Manufacturing for nearly 50 years, Ajusa has become a global leader in producing components for the internal combustion engine within the automotive industry. In this article they discuss their heritage, the added value an Ajusa product brings to the user, and their commitment to the UK aftermarket.

The company was incorporated in 1972 and was the first factory in Spain to produce cylinder head gaskets for cars. Some 47 years later, Ajusa has expanded its product range and its global footprint with branches in Mexico, Brazil, Russia, the USA and the UK. 

Founded by José Manuel Martínez in a small workshop with five employees, the company remains in his ownership today, in a purpose-built 5,000,000 sq.ft. industrial estate, and is one of the top five employers in the state, employing over 400 people.  

The product range consists of cylinder head gaskets and gasket sets, cylinder head bolts, oil seals, hydraulic lifters, camshafts and silicone sealant. Ajusa also produces a range of turbo components, bringing the most complete coverage of OE quality turbo fitting kits and oil feed pipes to the global aftermarket.


Based in Bracknell, Berkshire, Classic and Modern Engine Specialists (CMES) offers a wide range of specialist engine rebuilding services, with a particular emphasis on classic car racing…

First impressions always count, so when you visit an engine specialist at short notice – right out of the blue, in fact – and the first thing you see is a Maserati Mistral AM109 4.0-litre six-cylinder engine on the test bed just outside, you can see straight away that this is a company that doesn’t just deal with routine rebuilds.

When that is followed in quick succession by several Jaguar V12 engines and a fully assembled Volvo Amazon four-cylinder twin-carb unit, you know that there’s plenty of quality engineering passing through these busy workshops, as well as quantity judging from the extensive set of job sheets pinned to the office wall. 

The company in question is Classic and Modern Engine Specialists (CMES), based in Bracknell, Berkshire, where it occupies several large industrial units just behind the main shopping centre on the Great Hollands estate. Indeed, CMES owner and Managing Director Paul Adams has lived and worked here all his life and originally started his career with XRN Engineering, which was the original engine specialist on the same site, as an informal apprentice at the tender age of just 14.

Read the full article here…


Six models of the Sunnen SV-30 cylinder hone are now available, for both manual and automatic operations, featuring automatic step-and-repeat capability for in-line and V-block engine configurations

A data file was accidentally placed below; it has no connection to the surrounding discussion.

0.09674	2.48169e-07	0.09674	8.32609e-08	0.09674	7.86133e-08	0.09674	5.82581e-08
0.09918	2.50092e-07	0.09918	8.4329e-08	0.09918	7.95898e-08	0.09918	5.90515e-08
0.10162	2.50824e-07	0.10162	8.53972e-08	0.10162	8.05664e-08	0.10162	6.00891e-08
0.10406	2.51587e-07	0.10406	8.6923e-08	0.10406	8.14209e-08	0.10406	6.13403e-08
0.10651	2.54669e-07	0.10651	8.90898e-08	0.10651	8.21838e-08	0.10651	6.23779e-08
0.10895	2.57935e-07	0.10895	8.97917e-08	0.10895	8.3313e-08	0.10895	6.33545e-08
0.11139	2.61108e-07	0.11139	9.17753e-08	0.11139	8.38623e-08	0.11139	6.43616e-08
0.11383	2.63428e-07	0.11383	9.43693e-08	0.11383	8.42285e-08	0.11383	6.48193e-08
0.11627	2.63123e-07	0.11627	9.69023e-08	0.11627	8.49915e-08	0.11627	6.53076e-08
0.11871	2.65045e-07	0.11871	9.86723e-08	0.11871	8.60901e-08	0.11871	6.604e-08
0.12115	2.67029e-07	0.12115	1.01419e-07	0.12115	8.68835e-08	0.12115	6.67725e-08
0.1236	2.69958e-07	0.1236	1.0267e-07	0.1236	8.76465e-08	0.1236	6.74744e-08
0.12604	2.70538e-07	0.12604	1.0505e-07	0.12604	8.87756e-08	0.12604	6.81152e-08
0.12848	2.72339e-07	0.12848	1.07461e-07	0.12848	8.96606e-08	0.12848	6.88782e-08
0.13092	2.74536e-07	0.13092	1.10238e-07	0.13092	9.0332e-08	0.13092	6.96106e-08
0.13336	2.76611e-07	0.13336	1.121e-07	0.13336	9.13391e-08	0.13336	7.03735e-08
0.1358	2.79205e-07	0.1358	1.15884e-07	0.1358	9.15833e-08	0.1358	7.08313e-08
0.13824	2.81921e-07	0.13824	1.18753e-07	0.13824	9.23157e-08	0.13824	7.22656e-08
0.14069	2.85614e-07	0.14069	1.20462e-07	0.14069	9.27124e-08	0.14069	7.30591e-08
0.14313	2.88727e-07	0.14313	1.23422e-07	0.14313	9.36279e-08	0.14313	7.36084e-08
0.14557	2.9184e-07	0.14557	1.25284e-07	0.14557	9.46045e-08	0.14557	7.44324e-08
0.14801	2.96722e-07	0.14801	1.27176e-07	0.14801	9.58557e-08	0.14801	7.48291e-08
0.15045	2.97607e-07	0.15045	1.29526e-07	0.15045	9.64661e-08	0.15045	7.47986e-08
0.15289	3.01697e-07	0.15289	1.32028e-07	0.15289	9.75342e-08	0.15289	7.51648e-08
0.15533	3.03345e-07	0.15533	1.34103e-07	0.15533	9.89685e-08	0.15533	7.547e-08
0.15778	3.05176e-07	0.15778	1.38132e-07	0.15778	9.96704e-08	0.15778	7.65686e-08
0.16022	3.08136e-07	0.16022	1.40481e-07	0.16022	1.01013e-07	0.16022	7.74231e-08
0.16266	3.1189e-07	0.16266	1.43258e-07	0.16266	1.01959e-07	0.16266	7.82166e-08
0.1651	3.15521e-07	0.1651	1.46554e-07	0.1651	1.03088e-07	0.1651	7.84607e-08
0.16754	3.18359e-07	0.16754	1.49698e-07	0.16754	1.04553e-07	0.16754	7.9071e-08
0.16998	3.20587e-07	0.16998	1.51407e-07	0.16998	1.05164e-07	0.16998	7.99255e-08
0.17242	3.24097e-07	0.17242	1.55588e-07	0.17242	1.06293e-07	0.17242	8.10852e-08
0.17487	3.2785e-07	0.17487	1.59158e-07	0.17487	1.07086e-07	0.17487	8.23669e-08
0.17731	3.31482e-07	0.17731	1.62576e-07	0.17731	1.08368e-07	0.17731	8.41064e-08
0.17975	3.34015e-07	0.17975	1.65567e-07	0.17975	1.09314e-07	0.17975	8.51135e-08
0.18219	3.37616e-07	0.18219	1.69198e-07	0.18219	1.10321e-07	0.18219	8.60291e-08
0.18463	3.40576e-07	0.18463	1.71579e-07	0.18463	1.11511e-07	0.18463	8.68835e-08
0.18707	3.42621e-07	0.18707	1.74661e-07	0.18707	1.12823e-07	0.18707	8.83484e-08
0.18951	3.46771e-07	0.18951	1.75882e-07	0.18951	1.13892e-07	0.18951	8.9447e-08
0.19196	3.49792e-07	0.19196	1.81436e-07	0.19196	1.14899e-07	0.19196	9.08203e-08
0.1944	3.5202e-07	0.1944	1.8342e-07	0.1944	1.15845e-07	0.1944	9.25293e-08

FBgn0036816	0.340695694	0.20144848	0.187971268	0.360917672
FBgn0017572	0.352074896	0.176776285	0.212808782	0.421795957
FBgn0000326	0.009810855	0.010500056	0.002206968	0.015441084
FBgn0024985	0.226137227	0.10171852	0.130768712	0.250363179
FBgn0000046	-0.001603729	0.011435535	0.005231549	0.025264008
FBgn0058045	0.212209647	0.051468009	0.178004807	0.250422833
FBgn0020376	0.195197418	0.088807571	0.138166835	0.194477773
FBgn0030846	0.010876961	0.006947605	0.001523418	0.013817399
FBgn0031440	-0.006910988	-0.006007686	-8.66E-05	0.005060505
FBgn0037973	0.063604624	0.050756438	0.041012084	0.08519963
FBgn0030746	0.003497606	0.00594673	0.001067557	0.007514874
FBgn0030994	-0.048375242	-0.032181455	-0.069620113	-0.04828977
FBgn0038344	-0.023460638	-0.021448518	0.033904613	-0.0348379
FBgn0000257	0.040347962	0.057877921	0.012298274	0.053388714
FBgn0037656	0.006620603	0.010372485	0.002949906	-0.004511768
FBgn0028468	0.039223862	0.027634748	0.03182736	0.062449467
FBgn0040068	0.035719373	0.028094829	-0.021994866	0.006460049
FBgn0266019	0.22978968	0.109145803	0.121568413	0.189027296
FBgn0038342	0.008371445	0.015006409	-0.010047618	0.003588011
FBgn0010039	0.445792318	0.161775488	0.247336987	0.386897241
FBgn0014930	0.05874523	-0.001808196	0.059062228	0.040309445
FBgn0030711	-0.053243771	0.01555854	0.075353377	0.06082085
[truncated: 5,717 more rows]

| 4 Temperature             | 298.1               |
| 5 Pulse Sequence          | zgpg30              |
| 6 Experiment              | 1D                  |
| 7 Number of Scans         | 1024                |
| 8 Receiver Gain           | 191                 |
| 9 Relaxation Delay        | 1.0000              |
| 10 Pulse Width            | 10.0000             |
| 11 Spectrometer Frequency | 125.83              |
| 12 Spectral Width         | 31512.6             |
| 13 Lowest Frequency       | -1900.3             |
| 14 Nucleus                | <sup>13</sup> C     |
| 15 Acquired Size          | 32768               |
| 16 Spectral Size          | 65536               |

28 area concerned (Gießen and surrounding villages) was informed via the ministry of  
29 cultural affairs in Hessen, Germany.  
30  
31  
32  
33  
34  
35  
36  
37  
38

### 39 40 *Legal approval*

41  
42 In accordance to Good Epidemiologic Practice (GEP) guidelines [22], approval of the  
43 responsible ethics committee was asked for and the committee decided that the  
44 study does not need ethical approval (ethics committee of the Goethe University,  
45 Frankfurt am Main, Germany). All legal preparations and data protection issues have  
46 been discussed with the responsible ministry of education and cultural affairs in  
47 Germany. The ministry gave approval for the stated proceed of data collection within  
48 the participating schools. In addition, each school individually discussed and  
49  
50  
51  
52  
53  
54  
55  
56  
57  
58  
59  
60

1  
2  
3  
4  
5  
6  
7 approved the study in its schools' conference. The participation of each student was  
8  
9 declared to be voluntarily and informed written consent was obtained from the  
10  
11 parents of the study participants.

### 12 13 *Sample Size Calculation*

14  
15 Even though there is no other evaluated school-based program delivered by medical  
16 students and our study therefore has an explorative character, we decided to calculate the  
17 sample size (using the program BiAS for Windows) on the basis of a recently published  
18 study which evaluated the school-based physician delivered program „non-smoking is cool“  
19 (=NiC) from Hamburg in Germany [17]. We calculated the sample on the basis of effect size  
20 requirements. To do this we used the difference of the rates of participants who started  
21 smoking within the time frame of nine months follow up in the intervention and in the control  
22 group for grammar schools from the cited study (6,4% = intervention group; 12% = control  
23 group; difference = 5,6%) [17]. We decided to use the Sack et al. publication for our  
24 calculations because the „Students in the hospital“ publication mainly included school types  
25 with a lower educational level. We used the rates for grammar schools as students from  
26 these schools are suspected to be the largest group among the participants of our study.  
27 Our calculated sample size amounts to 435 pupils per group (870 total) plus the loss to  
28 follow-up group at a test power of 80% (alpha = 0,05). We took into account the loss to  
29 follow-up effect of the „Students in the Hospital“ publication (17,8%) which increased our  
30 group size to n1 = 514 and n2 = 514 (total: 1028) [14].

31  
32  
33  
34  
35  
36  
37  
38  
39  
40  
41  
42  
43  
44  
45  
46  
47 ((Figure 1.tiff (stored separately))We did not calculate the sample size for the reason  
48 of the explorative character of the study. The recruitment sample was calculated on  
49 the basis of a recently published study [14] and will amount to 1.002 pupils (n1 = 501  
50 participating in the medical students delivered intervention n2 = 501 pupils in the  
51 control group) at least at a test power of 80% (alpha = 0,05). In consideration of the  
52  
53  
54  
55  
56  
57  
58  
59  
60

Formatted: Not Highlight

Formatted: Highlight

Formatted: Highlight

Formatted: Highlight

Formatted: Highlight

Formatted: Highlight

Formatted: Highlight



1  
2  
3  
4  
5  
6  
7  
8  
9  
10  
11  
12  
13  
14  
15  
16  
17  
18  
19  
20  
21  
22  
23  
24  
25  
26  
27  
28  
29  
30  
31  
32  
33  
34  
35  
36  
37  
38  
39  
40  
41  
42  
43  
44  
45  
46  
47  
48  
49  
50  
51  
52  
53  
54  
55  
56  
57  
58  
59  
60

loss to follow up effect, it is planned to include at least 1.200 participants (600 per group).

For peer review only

The next generation in the line of legendary Cylinder King® machines, the new Sunnen SV-30 honing series is true to its 50-year heritage, achieving expert results on engine cylinder blocks, cylinder liners and other engine parts that require honing. 

Six standard models include four step-and-repeat capability versions allowing automatic bore-to-bore processing for in-line and V-block configurations, reducing set-up time and improving bore quality. In addition, two models are available with a manual X-axis. 

The SV-30’s cylinder diameter range is 0.75 to 8.0 in. (19 to 200 mm) depending on the tooling option, and the new Sunnen GH-LF tooling is required for automatic step-and- repeat operation.  

With six new models in the series, the SV-30 can be tailored to meet the needs of manufacturers, job shops and automotive performance and rebuild shops. It includes a new PC control with simplified menus and storage for over 1000 set-ups for quick and easy changeovers. When used with the wide range of Sunnen-made abrasives, tooling and coolants, the U.S.-built SV-30 produces ideal bore roundness and surface finish in a variety of part types and materials at an affordable price.


He may be a one-man band, but David Wedge’s DTM Power operation provides a highly specialised service for the race preparation of Ferrari engines, with a long history of successful results…

Members of the engine rebuilding industry work effectively at a great many levels, from large-scale industrial units, with many staff turning out hundreds of engines, to one-man bands operating as specialists in a particular engine type, on an individual commission basis, from a shed at the end of their garden. 

Hopefully, David Wedge won’t object if we place him towards the latter end of the scale, because that’s exactly how his particular venture operates, and very successfully so, from a shed – albeit quite a large one – alongside the leafy lane that leads to the family home, just outside Burcot in Oxfordshire. 

Trading under the name DTM Power Ltd., on an official basis since 2003, specialising mostly in modified Ferrari engines, David has a back story that goes way back to his youth. Those were the days when, along with several close friends, he stage-rallied Minis and Mk 1 Cortinas with the Oxford Motor Club, with varying degrees of success but never less than total enthusiasm.


With a long history of high-performance five-cylinder engines, Audi’s latest 2.5 TFSI – as used in the TTRS and RS3 – develops 400 hp and 480 Nm and is still capable of returning 35 mpg on a run…

There’s little doubt that it was Audi that put the five-cylinder engine clearly on the map, and developed it into the tour de force that it is today, with modern versions powering high-performance cars like the TT RS and the RS3.